Using Procfiles

As described in What are Procfiles?, Procfiles are simple text files that describe the components required to run an application. This document describes some of the more advanced features of Honcho and the Procfile ecosystem.

Syntax

The basic syntax of a Procfile is described in the Heroku Procfile documentation. In summary, a Procfile is a plain text file placed at the root of your applications source tree that contains zero or more lines of the form:

<process type>: <command>

The process type is a string which may contain alphanumerics and underscores ([A-Za-z0-9_]+), and uniquely identifies one type of process which can be run to form your application. For example: web, worker, or my_process_123.

command is a shell commandline which will be executed to spawn a process of the specified type.

Environment files

You can also create a .env file alongside your Procfile which contains environment variables which will be available to all processes started by Honcho:

$ cat >.env <<EOF
RACK_ENV=production
ASSET_ROOT=https://myapp.s3.amazonaws.com/assets
PROCFILE=Procfile
EOF

In addition to the variables specified in your .env file, the subprocess environment will also contain a HONCHO_PROCESS_NAME variable that will be set to a unique string composed of the process name as defined in the Procfile and an integer counter that is incremented for each concurrent process of the same type, for example: web.1, web.2, queue.1, etc.

As shown, you may choose to specify your Procfile in the .env file. This takes priority over the default Procfile, but you can still use -f to replace which Procfile to use.

Typically, you should not commit your .env file to your version control repository, but you might wish to create a .env.example so that others checking out your code can see what environment variables your application uses.

For more on why you might want to use environment variables to configure your application, see Heroku’s article on configuration variables and The Twelve-Factor App’s guidance on configuration.

Using Honcho

To see the command line arguments accepted by Honcho, run it with the --help option:

$ honcho --help
usage: honcho [-h] [-v] [-e ENV] [-d APP_ROOT] [-f PROCFILE]
              {check,export,help,run,start} ...

Manage Procfile-based applications

optional arguments:
  -h, --help            show this help message and exit
  -v, --version         show program's version number and exit

common arguments:
  -e ENV, --env ENV     Environment file[,file] (default: .env)
  -d APP_ROOT, --app-root APP_ROOT
                        Procfile directory (default: .)
  -f PROCFILE, --procfile PROCFILE
                        Procfile path (default: Procfile)

tasks:
  {check,export,help,run,start}
    check               Validate your application's Procfile
    export              Export the application to another process management
                        format
    help                Describe available tasks or one specific task
    run                 Run a command using your application's environment
    start               Start the application (or a specific PROCESS)

You will notice that by default, Honcho will read a Procfile called Procfile from the current working directory, and will read environment from a file called .env if one exists. You can override these options at the command line if necessary. For example, if your application root is a level above the current directory and your Procfile is called Procfile.dev, you could invoke Honcho thus:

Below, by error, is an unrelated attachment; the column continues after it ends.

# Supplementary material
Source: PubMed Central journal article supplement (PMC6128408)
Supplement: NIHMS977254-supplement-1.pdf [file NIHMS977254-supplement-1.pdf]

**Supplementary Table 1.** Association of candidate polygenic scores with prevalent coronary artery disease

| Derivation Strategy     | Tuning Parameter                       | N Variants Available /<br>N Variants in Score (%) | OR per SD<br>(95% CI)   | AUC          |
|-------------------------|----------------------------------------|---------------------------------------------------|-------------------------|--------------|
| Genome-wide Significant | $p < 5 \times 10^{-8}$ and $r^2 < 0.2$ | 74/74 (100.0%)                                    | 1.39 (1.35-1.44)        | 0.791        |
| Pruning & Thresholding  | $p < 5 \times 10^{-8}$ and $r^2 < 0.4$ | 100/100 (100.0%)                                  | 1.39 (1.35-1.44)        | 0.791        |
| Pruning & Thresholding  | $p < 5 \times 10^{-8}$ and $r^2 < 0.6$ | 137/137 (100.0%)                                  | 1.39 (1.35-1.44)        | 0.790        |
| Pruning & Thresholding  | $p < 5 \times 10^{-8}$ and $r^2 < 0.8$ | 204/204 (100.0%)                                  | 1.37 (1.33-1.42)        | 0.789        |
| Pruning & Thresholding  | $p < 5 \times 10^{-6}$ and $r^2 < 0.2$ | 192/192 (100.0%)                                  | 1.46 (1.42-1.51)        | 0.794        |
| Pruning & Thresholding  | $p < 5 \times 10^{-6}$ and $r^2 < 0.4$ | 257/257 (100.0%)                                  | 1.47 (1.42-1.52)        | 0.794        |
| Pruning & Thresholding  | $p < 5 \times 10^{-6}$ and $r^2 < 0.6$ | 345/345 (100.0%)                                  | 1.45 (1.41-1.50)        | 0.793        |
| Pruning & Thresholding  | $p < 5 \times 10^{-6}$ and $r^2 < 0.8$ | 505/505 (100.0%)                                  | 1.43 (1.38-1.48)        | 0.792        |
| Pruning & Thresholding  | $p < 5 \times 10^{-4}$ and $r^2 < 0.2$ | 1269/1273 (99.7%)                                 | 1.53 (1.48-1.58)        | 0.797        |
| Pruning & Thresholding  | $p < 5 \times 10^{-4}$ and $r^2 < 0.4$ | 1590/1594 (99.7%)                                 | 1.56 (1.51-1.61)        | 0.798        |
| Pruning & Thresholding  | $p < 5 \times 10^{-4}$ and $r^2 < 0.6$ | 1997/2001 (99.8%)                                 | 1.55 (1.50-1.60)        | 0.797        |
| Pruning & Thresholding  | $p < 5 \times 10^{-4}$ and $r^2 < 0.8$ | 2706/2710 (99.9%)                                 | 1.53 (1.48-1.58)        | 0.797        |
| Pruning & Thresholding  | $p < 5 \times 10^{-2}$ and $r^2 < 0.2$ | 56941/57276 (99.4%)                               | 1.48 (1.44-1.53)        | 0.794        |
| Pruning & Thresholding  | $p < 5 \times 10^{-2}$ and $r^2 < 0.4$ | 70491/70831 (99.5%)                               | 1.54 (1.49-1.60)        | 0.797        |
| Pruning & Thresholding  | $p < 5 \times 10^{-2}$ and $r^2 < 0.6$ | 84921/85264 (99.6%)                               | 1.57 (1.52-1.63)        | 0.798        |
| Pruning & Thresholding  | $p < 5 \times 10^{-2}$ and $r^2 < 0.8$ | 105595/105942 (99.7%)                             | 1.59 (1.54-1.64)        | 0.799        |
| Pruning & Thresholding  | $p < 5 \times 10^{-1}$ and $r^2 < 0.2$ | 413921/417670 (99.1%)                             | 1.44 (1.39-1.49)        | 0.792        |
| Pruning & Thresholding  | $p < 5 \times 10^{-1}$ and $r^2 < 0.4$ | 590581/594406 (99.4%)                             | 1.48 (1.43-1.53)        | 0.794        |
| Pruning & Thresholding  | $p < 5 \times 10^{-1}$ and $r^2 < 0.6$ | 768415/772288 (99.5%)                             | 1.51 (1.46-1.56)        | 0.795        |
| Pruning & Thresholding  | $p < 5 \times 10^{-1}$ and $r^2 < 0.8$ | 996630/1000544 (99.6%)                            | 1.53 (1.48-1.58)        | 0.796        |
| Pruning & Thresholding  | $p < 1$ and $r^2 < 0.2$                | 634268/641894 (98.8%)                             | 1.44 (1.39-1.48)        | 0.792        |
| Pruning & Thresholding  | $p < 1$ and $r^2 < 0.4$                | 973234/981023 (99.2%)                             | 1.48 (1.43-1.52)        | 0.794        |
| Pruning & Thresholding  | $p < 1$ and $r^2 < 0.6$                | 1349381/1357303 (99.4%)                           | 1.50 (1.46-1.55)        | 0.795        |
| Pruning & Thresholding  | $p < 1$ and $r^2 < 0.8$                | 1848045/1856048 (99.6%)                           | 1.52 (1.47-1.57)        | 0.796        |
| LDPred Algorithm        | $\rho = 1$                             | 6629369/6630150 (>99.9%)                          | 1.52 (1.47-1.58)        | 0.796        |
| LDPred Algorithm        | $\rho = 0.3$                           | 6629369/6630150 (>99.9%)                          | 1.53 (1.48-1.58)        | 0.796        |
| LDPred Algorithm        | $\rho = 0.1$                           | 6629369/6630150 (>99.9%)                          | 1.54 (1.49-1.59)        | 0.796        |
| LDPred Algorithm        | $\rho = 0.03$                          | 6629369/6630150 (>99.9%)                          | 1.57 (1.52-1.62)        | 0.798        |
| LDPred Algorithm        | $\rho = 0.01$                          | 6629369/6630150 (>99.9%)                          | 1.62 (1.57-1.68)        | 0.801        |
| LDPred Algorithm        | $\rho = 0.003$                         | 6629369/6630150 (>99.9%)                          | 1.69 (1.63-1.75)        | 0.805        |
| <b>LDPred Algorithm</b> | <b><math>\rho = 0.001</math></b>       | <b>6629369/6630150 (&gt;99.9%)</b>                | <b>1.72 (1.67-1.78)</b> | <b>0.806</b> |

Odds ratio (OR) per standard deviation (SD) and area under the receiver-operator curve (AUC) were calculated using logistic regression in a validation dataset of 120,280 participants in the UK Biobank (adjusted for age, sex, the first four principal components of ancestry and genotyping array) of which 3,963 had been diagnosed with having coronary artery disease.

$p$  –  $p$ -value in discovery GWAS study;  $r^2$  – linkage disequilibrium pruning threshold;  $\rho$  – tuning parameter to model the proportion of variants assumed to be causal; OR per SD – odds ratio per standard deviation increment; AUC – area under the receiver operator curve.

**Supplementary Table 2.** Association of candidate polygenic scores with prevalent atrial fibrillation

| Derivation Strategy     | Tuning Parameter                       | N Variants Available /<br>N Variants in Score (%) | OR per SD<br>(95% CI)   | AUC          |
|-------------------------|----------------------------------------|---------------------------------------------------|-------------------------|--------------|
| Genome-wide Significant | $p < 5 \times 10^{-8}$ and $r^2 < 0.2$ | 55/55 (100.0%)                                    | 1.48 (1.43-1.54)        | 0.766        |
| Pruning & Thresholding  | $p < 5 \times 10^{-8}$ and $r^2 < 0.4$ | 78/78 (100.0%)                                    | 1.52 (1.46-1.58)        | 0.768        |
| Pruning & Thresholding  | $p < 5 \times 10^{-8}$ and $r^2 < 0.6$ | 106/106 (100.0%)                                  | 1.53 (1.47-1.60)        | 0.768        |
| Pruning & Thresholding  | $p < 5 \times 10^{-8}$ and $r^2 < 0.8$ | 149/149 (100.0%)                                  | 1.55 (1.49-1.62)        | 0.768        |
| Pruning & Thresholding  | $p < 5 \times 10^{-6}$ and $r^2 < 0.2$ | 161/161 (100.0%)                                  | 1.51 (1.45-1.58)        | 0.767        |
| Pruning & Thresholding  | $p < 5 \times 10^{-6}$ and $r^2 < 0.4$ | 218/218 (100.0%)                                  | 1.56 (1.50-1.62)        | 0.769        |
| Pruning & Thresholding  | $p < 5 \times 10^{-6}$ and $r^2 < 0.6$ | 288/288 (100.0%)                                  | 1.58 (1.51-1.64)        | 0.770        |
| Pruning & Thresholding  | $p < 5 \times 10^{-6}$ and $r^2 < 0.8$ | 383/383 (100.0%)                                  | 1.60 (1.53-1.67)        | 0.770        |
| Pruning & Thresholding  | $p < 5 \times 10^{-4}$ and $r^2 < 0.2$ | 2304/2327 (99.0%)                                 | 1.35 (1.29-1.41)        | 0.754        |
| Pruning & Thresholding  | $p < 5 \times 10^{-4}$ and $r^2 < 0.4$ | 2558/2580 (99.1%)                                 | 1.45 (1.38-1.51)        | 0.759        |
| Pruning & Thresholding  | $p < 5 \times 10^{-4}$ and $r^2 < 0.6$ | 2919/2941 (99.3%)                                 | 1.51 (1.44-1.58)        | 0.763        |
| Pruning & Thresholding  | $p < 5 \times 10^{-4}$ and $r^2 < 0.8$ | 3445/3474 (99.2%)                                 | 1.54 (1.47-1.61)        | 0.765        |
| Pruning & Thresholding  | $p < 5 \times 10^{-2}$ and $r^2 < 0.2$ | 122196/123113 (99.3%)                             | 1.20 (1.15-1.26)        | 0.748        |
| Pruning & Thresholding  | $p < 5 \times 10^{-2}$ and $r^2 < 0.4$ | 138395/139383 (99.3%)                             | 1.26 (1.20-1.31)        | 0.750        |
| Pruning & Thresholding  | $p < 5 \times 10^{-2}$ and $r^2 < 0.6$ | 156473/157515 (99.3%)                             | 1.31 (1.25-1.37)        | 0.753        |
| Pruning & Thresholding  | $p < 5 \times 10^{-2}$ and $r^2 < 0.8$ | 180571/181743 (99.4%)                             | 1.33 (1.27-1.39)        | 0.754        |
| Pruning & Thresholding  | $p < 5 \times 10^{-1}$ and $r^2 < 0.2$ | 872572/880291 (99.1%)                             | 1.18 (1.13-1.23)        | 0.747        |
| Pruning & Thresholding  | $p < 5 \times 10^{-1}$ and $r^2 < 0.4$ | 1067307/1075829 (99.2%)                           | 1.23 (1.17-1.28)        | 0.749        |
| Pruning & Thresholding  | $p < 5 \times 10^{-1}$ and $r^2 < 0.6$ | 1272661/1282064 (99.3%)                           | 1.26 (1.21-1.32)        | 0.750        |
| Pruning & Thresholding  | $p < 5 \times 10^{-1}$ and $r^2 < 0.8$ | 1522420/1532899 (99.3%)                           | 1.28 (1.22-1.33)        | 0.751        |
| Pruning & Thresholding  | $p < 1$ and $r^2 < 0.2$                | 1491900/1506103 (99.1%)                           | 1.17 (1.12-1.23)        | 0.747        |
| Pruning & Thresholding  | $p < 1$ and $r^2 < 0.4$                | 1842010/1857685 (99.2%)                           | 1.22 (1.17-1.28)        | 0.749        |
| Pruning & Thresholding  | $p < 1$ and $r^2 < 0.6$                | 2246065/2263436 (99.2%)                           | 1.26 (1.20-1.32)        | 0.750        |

$ honcho -d .. -f Procfile.dev start
16:14:49 web.1 | started with pid 1234
...

If you supply multiple comma-separated arguments to the -e option, Honcho will merge the environments provided by each of the files:

$ echo 'ANIMAL_1=giraffe' >.env.one
$ echo 'ANIMAL_2=elephant' >.env.two
$ honcho -e .env.one,.env.two run sh -c 'env | grep -i animal'
ANIMAL_1=giraffe
ANIMAL_2=elephant

Differences to Foreman

One of the curses of maintaining a “clone” of someone else’s program is that you are forever asked to reimplement whatever questionable features upstream has introduced. So, while Honcho is based heavily on the Foreman project, there are some important differences between the two tools, some of which are simply the result of differences between Ruby and Python, and others are matters of software design. The following is a non-exhaustive list of these differences:

No honcho run {target}

Foreman allows you to specify a Procfile target to both the start and run subcommands. To me, it seems obvious that this functionality belongs only in honcho start, a command that always reads the Procfile and has no other use for its ARGV, as opposed to honcho run, which is intended for running a shell command in the environment provided by Honcho and .env files. Because I don’t have to guess at whether or not ARGV is a process name or a shell command, honcho start even supports multiple processes: honcho start web worker.

Buffered output

By default, Python will buffer a program’s output more aggressively than Ruby when a process has STDOUT connected to something other than a TTY. This can catch people out when running Python programs through Honcho: if the program only generates small amounts of output, it will be buffered, unavailable to Honcho, and will not display.

One way around this is to set the PYTHONUNBUFFERED environment variable in your Procfile or your .env file. Be sure you understand the performance implications of unbuffered I/O if you do this.

For example:

myprogram: PYTHONUNBUFFERED=true python myprogram.py